What advice would you give to a designer that knows frontend development and want to learn more about full-stack development?

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Simon Lind@simonlind

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Nov 1, 2021

What advice would you give to a designer that knows frontend development and want to learn more about full-stack development?

I do a lot of frontend development in my day-to-day job. What I struggle with learning though, is all the things that make the site not just look and feel right, but actually make it work like creating a backend, communicating with a DB, CRUD actions, user authentication etc. I would love to be able to build something like what you've done with this site myself one day.

It seems like there are so many things I could learn; Next.js, Vercel, Firebase, Gatsby, Node.js, Ruby on Rails ... the list seems endless. I don't know where to start or how to approach it and would love to hear what you've done to be able to build something like this.

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Brian Lovin@brian

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Nov 2, 2021

My advice is probably going to be frustrating to hear, but it's the only answer I can come up with: build lots of stuff! I've only learned how to build software by having a problem in mind, and Googling/copy-pasting my way towards a solution. After a few cycles of this, it gets easier, so you start chasing harder and harder problems to solve.

For example, with this latest iteration of my website I thought it'd be fun to build a commenting system. Previously, I had a form at the bottom of each post where people could email me feedback, but that was boring and anonymous and I felt really disconnected from the messages I received. But comments! Those could be fun, and social, and maybe it could actually make my writing stronger if there were follow-up conversations that happened over time.

Okay, so I want a commenting system. And since I'm not under time pressure, I figure I can build my own, rather than "buying" a solution like Disqus. So then my internal narration becomes something like:

Okay, well, to have comments I need user accounts. That means I need auth. What works here? I've heard of Auth0, maybe it's easy enough to learn since they've been around a while and have lots of documentation and example code... ๐Ÿ‡๐Ÿ•ณ

Then comments would need to be associated with something โ€” like a blog post, or a bookmark. So maybe a relational database is the right tool to link those kinds of things. I've never built anything on a relational database before, but I've heard of Prisma before, and I've seen PlanetScale on Twitter a bunch, so maybe I'll start poking there...๐Ÿ‡๐Ÿ•ณ

So this original idea that sounds fun โ€” what if people could comment on my stuff? โ€” ends up taking me down this rabbit hole of tools and ideas and technologies. I think that's the most fun and interesting way to learn this stuff, even if it's not necessarily the most efficient.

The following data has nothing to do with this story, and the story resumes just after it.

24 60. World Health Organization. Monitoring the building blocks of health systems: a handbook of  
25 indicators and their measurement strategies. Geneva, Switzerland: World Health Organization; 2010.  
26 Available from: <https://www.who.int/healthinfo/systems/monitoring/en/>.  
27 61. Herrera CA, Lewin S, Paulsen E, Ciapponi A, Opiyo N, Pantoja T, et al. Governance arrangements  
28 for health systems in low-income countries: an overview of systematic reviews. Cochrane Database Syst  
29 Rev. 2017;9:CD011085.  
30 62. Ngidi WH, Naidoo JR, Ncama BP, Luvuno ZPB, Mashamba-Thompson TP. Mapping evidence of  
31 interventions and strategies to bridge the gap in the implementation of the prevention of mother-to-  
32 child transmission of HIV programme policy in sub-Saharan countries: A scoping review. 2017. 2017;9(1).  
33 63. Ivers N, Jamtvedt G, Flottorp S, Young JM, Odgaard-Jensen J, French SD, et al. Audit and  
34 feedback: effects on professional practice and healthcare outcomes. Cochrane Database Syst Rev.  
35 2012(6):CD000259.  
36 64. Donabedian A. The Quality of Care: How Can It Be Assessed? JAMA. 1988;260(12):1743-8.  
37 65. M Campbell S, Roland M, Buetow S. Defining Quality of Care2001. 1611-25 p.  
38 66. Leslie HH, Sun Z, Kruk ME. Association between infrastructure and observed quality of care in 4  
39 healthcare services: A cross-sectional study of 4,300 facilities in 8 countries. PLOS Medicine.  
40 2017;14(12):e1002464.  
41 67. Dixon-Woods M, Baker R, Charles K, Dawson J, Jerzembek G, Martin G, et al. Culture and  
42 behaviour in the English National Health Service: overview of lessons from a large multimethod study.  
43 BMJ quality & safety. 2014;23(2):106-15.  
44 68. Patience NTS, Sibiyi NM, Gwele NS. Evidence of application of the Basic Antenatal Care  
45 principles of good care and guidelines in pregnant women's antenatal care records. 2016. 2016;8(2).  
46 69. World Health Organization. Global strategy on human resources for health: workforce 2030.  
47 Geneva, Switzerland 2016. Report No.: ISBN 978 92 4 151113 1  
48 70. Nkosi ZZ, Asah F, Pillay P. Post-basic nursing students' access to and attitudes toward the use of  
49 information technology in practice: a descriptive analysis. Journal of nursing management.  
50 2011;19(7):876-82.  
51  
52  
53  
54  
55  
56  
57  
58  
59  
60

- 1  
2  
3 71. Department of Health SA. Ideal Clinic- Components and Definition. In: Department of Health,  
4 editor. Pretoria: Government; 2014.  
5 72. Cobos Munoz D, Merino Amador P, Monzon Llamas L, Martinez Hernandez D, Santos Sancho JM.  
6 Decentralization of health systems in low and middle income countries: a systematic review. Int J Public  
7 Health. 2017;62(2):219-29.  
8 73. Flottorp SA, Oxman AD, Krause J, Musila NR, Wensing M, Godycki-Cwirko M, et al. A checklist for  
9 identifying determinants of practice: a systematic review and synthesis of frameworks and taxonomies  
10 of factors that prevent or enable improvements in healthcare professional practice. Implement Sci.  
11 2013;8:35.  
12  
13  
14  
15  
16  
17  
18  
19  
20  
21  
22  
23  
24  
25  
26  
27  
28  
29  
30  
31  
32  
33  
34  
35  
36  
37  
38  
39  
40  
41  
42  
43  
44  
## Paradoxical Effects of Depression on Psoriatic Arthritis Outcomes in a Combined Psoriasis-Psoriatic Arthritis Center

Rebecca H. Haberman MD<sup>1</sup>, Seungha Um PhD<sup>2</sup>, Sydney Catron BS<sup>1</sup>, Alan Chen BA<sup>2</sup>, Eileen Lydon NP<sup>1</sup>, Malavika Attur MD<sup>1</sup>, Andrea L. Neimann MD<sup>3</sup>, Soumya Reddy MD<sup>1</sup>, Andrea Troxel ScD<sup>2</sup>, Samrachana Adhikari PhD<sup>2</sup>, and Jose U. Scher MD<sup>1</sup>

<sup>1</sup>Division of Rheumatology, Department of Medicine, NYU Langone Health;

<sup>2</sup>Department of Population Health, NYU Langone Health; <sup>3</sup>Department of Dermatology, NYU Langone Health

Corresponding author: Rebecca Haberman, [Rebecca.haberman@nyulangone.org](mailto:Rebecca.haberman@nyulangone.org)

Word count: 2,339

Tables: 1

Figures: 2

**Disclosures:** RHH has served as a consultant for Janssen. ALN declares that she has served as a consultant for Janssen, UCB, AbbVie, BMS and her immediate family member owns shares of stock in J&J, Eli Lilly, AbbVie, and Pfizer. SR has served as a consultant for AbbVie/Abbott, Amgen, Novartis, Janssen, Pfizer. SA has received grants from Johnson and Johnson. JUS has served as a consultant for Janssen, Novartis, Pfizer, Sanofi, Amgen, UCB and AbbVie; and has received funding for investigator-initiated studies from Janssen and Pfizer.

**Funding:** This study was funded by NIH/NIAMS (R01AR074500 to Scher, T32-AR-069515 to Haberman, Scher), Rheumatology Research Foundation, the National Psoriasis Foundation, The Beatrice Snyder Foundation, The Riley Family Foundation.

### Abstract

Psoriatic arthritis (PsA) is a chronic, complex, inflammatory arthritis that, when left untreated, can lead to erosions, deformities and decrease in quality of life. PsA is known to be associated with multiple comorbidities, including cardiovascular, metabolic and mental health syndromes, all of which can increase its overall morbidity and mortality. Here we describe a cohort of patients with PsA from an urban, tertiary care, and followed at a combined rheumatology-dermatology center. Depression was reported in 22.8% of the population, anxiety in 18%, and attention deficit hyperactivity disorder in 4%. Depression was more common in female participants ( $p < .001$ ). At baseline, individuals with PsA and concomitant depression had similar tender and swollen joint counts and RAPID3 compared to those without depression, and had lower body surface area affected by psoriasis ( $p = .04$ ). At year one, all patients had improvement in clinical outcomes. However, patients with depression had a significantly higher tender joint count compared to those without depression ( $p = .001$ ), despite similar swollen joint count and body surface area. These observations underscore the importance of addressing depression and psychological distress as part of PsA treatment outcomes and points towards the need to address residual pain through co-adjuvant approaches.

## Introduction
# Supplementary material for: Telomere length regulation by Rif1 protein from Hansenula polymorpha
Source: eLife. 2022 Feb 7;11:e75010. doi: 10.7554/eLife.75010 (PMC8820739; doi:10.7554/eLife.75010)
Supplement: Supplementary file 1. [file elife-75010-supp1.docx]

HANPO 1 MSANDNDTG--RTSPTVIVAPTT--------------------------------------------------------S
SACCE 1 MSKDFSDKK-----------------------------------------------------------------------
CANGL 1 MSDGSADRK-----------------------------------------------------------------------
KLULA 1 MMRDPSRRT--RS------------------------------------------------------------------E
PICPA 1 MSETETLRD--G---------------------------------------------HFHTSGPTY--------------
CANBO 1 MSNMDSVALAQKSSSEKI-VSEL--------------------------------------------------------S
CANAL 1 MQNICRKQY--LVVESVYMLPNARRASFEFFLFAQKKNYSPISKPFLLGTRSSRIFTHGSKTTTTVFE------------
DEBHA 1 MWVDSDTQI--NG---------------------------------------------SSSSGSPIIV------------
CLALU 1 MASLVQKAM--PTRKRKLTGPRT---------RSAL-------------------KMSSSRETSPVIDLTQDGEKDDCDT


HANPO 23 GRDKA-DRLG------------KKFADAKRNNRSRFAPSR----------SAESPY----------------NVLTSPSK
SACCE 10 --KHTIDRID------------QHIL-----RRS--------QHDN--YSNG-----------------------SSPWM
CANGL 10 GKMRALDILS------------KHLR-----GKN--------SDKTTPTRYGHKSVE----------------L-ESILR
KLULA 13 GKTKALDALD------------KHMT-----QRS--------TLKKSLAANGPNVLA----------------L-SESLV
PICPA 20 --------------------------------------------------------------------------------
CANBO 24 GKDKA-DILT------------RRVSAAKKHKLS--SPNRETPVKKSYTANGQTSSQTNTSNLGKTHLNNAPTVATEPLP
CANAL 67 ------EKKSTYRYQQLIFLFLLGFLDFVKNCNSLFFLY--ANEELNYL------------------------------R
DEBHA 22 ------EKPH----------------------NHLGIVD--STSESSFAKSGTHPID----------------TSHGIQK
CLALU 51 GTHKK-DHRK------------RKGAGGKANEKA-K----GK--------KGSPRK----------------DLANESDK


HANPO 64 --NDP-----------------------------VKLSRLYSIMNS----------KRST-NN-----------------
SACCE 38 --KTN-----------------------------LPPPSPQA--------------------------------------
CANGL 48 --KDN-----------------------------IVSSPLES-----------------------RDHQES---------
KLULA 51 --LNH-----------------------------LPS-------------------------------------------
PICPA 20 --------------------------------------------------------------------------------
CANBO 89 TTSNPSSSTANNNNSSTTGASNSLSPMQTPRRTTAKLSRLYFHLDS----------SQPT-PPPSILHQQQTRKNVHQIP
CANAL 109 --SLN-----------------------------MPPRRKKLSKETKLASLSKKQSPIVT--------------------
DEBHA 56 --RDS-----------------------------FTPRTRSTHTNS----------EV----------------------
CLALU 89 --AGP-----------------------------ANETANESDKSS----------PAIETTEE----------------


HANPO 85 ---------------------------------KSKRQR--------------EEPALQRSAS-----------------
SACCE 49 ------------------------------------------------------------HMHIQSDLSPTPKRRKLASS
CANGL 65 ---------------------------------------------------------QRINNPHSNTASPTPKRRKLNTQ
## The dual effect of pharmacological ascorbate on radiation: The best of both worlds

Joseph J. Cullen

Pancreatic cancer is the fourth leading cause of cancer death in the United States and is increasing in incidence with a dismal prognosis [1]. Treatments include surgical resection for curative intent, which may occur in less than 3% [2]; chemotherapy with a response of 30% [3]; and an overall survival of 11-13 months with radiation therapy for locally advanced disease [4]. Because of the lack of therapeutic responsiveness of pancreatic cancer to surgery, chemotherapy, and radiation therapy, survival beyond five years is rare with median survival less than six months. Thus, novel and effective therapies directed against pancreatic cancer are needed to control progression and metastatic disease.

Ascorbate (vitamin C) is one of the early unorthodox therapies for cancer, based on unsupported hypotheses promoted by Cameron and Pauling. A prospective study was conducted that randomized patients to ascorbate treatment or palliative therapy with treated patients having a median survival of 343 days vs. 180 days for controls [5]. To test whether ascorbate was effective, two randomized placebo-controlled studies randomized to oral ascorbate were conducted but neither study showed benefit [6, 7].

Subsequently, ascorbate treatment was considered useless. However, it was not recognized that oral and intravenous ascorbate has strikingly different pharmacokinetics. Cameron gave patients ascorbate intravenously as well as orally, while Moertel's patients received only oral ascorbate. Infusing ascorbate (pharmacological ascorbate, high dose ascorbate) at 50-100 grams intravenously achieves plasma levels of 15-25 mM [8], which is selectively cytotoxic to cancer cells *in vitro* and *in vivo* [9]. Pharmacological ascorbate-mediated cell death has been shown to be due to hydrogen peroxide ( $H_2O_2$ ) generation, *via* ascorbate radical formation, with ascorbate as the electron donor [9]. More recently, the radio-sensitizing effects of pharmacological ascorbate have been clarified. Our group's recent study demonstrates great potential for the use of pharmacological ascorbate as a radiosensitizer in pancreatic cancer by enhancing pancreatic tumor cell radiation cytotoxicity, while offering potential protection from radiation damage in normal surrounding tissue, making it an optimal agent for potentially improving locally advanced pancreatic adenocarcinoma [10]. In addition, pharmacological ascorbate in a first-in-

A last thought: if you have friends who are engineers, ask them questions! I feel really lucky that I got to spend a year and a half working closely with Max Stoiber building Spectrum.chat. He really helped me level up, pushed me to learn new technologies, and solve harder problems. At a certain point while you're learning how to build new things, you might get stuck โ€” find your Max!

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danilo leal@danilobleal

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Nov 2, 2021

And how much like, computing theory do you know or went on trying to learn to actually be able to pull things off? I mean, there is a level to tech that doesn't even sound like English when you read it, and this is because I see myself considerably comfortable with development in general (probably not, lol). For example, I'm not capable of describing nor explaining what's a relational database...

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Brian Lovin@brian

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Nov 3, 2021

I'm probably with you on most things โ€” I didn't study computer science, and so a lot of the theory is beyond me. But as far as practical terms and concepts, I think those can be learned on-the-fly as you're building. So for example, with the database stuff I think you could start with googling for things like "relational database pros and cons" and that will probably take you down a rabbit hole of other DB types, and learning about the tradeoffs of each.

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Simon Lind@simonlind

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Nov 3, 2021

Thank you Brian! I think the advice on learning something from a project-based perspective compared to learning from a programming language-based perspective is definitely useful. It makes the process more fun and interesting. I've gone through quite a few courses on "Full-Stack JavaScript Development", but I've always felt there's a big leap going from the small and theoretical code-quizzes in Team Treehouse to actually apply the knowledge in real-world projects. Will keep that in mind! I'm surrounded by smart engineers where I work, so will also try to leverage that more.

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Brian Lovin@brian

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Nov 3, 2021

I've seen a lot of "end-to-end" tutorials, usually in the form of paid courses, floating around in the past couple of years. Maybe those are worth picking up? I think having the full experience of building an app will be more valuable than the code quizzes. It sounds like we're pretty similar in that way though, I always struggled to make the leap from code theory, quizzes, and books to the practical application.